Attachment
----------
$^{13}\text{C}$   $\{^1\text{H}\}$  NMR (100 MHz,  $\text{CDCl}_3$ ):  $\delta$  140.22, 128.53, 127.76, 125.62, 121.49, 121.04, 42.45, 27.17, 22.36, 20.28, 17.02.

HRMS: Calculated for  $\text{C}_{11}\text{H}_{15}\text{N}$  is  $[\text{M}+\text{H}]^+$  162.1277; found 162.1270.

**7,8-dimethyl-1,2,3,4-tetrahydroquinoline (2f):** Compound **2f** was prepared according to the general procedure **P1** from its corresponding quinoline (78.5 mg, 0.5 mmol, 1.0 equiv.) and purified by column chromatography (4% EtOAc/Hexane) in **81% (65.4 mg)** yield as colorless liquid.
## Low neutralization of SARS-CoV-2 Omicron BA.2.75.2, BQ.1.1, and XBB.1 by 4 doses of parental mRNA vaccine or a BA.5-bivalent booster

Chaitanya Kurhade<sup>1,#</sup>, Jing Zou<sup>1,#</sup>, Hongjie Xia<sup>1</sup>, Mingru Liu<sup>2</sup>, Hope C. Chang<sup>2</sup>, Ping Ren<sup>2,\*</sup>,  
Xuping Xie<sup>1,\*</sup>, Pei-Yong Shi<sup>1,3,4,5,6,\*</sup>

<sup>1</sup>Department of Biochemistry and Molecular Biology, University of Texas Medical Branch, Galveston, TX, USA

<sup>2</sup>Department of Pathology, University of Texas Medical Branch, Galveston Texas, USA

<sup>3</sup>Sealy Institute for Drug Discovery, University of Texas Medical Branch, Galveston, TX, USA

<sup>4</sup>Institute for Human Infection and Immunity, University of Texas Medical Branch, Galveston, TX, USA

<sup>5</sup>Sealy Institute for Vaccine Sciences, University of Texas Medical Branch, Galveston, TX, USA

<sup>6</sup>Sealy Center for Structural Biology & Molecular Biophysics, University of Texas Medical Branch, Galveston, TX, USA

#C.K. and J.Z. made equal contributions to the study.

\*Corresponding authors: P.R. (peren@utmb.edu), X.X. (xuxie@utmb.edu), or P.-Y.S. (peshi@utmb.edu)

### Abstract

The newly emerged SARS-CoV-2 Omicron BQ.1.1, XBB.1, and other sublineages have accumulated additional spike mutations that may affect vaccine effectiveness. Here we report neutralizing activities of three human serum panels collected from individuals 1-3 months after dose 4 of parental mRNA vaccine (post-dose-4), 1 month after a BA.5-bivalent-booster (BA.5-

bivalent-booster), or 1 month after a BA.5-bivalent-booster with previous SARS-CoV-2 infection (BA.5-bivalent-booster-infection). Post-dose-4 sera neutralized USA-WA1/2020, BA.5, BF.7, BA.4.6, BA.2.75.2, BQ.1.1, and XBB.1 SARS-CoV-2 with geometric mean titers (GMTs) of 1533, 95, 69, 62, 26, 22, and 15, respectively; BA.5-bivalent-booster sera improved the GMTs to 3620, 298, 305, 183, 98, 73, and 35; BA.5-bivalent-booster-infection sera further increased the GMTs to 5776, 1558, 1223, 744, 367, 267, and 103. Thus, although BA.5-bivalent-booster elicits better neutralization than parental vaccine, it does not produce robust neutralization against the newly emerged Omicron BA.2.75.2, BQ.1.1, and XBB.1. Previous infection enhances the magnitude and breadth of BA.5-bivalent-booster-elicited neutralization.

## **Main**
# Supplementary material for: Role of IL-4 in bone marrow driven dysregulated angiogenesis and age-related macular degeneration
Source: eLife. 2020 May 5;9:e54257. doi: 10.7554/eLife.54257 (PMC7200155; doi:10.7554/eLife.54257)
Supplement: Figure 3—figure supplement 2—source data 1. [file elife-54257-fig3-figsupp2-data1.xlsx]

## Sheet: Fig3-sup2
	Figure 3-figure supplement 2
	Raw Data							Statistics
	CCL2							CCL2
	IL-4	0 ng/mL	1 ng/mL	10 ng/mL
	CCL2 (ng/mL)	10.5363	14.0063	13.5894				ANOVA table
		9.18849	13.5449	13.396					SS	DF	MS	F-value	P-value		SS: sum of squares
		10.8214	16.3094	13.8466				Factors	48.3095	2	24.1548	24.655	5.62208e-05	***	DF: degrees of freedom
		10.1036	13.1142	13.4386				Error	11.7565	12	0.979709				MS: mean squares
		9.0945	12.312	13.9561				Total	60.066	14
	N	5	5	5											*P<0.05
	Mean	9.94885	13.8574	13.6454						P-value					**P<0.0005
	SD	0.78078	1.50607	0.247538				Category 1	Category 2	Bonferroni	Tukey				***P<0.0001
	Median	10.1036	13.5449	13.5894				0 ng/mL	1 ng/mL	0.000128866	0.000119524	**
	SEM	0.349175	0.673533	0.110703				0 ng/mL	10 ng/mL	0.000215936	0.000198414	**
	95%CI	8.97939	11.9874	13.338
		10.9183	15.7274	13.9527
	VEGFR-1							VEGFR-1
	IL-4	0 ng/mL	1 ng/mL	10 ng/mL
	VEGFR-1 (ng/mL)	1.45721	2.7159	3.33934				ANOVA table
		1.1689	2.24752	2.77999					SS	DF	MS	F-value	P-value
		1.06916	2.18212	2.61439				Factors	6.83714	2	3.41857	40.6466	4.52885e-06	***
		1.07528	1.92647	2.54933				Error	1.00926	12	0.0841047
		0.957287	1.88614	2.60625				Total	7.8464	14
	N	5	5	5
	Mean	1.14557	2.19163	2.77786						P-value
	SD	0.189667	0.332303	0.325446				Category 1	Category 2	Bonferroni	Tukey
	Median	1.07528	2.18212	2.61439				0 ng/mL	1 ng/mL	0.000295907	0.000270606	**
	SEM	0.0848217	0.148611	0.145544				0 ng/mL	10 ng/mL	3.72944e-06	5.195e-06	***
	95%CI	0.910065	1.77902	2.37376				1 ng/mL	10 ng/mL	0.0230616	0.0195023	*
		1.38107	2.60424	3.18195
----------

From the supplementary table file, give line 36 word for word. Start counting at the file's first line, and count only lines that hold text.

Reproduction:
	SEM	0.349175	0.673533	0.110703				0 ng/mL	10 ng/mL	0.000215936	0.000198414	**